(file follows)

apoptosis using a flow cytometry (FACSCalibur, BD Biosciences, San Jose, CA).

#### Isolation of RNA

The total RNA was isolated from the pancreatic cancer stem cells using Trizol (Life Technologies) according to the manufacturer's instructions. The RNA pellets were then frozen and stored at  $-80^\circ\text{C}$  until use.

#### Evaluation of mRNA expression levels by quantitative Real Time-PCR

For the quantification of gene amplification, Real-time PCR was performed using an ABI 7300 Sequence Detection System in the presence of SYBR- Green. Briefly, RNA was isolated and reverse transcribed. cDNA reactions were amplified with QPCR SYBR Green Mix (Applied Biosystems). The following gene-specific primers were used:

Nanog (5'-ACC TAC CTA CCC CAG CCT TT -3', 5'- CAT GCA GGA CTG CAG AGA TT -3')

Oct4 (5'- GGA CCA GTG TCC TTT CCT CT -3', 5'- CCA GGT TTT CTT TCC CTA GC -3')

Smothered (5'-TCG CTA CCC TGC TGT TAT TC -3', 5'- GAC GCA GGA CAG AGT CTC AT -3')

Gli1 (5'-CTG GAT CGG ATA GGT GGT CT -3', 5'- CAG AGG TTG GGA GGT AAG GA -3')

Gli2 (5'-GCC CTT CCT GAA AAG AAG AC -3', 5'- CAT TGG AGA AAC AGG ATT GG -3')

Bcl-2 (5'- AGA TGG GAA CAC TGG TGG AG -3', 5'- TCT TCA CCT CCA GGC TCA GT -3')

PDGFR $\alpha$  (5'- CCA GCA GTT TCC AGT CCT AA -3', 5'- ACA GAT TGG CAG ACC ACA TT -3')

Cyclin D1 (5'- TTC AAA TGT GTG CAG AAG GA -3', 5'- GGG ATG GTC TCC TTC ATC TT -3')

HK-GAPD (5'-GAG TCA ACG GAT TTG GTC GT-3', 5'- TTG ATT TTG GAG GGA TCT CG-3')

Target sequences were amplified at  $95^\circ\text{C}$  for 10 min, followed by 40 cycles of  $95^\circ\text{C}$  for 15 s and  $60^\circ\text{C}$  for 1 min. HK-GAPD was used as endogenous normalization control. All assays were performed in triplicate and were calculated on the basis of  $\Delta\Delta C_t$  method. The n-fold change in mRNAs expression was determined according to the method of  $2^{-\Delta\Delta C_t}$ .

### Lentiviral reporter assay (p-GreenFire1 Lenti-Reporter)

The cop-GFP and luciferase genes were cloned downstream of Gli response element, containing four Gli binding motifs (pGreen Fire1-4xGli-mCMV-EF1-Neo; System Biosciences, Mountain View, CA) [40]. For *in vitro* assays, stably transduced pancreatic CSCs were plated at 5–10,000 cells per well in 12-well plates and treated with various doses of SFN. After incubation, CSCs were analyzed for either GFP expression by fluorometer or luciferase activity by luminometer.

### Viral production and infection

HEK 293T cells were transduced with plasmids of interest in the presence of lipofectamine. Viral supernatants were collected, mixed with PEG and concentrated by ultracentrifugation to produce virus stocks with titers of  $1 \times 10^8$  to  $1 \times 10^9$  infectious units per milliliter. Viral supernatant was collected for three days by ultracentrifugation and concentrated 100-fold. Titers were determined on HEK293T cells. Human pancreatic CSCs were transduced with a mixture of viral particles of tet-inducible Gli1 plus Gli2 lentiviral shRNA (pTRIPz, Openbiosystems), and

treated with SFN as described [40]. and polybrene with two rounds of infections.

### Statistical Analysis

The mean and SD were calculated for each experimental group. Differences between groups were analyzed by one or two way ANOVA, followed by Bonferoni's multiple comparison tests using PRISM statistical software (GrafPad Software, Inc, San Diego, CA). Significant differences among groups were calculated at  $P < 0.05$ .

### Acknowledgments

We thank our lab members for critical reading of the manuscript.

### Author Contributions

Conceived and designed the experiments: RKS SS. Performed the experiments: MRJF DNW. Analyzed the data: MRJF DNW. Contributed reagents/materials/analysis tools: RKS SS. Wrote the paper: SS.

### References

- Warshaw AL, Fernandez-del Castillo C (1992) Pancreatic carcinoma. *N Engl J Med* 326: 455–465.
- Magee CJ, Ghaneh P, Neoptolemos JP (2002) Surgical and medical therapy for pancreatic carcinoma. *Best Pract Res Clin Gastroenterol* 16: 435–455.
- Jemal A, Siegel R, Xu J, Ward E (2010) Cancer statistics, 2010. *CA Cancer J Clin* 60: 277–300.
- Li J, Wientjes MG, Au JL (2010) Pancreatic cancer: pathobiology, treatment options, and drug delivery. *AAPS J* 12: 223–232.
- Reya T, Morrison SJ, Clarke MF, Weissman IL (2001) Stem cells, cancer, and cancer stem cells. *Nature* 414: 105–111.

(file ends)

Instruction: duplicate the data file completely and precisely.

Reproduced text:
apoptosis using a flow cytometry (FACSCalibur, BD Biosciences, San Jose, CA).

#### Isolation of RNA

The total RNA was isolated from the pancreatic cancer stem cells using Trizol (Life Technologies) according to the manufacturer's instructions. The RNA pellets were then frozen and stored at  $-80^\circ\text{C}$  until use.

#### Evaluation of mRNA expression levels by quantitative Real Time-PCR

For the quantification of gene amplification, Real-time PCR was performed using an ABI 7300 Sequence Detection System in the presence of SYBR- Green. Briefly, RNA was isolated and reverse transcribed. cDNA reactions were amplified with QPCR SYBR Green Mix (Applied Biosystems). The following gene-specific primers were used:

Nanog (5'-ACC TAC CTA CCC CAG CCT TT -3', 5'- CAT GCA GGA CTG CAG AGA TT -3')

Oct4 (5'- GGA CCA GTG TCC TTT CCT CT -3', 5'- CCA GGT TTT CTT TCC CTA GC -3')

Smothered (5'-TCG CTA CCC TGC TGT TAT TC -3', 5'- GAC GCA GGA CAG AGT CTC AT -3')

Gli1 (5'-CTG GAT CGG ATA GGT GGT CT -3', 5'- CAG AGG TTG GGA GGT AAG GA -3')

Gli2 (5'-GCC CTT CCT GAA AAG AAG AC -3', 5'- CAT TGG AGA AAC AGG ATT GG -3')

Bcl-2 (5'- AGA TGG GAA CAC TGG TGG AG -3', 5'- TCT TCA CCT CCA GGC TCA GT -3')

PDGFR $\alpha$  (5'- CCA GCA GTT TCC AGT CCT AA -3', 5'- ACA GAT TGG CAG ACC ACA TT -3')

Cyclin D1 (5'- TTC AAA TGT GTG CAG AAG GA -3', 5'- GGG ATG GTC TCC TTC ATC TT -3')

HK-GAPD (5'-GAG TCA ACG GAT TTG GTC GT-3', 5'- TTG ATT TTG GAG GGA TCT CG-3')

Target sequences were amplified at  $95^\circ\text{C}$  for 10 min, followed by 40 cycles of  $95^\circ\text{C}$  for 15 s and  $60^\circ\text{C}$  for 1 min. HK-GAPD was used as endogenous normalization control. All assays were performed in triplicate and were calculated on the basis of  $\Delta\Delta C_t$  method. The n-fold change in mRNAs expression was determined according to the method of  $2^{-\Delta\Delta C_t}$ .

### Lentiviral reporter assay (p-GreenFire1 Lenti-Reporter)

The cop-GFP and luciferase genes were cloned downstream of Gli response element, containing four Gli binding motifs (pGreen Fire1-4xGli-mCMV-EF1-Neo; System Biosciences, Mountain View, CA) [40]. For *in vitro* assays, stably transduced pancreatic CSCs were plated at 5–10,000 cells per well in 12-well plates and treated with various doses of SFN. After incubation, CSCs were analyzed for either GFP expression by fluorometer or luciferase activity by luminometer.

### Viral production and infection

HEK 293T cells were transduced with plasmids of interest in the presence of lipofectamine. Viral supernatants were collected, mixed with PEG and concentrated by ultracentrifugation to produce virus stocks with titers of  $1 \times 10^8$  to  $1 \times 10^9$  infectious units per milliliter. Viral supernatant was collected for three days by ultracentrifugation and concentrated 100-fold. Titers were determined on HEK293T cells. Human pancreatic CSCs were transduced with a mixture of viral particles of tet-inducible Gli1 plus Gli2 lentiviral shRNA (pTRIPz, Openbiosystems), and

treated with SFN as described [40]. and polybrene with two rounds of infections.

### Statistical Analysis

The mean and SD were calculated for each experimental group. Differences between groups were analyzed by one or two way ANOVA, followed by Bonferoni's multiple comparison tests using PRISM statistical software (GrafPad Software, Inc, San Diego, CA). Significant differences among groups were calculated at  $P < 0.05$ .

### Acknowledgments

We thank our lab members for critical reading of the manuscript.

### Author Contributions

Conceived and designed the experiments: RKS SS. Performed the experiments: MRJF DNW. Analyzed the data: MRJF DNW. Contributed reagents/materials/analysis tools: RKS SS. Wrote the paper: SS.

### References

- Warshaw AL, Fernandez-del Castillo C (1992) Pancreatic carcinoma. *N Engl J Med* 326: 455–465.
- Magee CJ, Ghaneh P, Neoptolemos JP (2002) Surgical and medical therapy for pancreatic carcinoma. *Best Pract Res Clin Gastroenterol* 16: 435–455.
- Jemal A, Siegel R, Xu J, Ward E (2010) Cancer statistics, 2010. *CA Cancer J Clin* 60: 277–300.
- Li J, Wientjes MG, Au JL (2010) Pancreatic cancer: pathobiology, treatment options, and drug delivery. *AAPS J* 12: 223–232.
- Reya T, Morrison SJ, Clarke MF, Weissman IL (2001) Stem cells, cancer, and cancer stem cells. *Nature* 414: 105–111.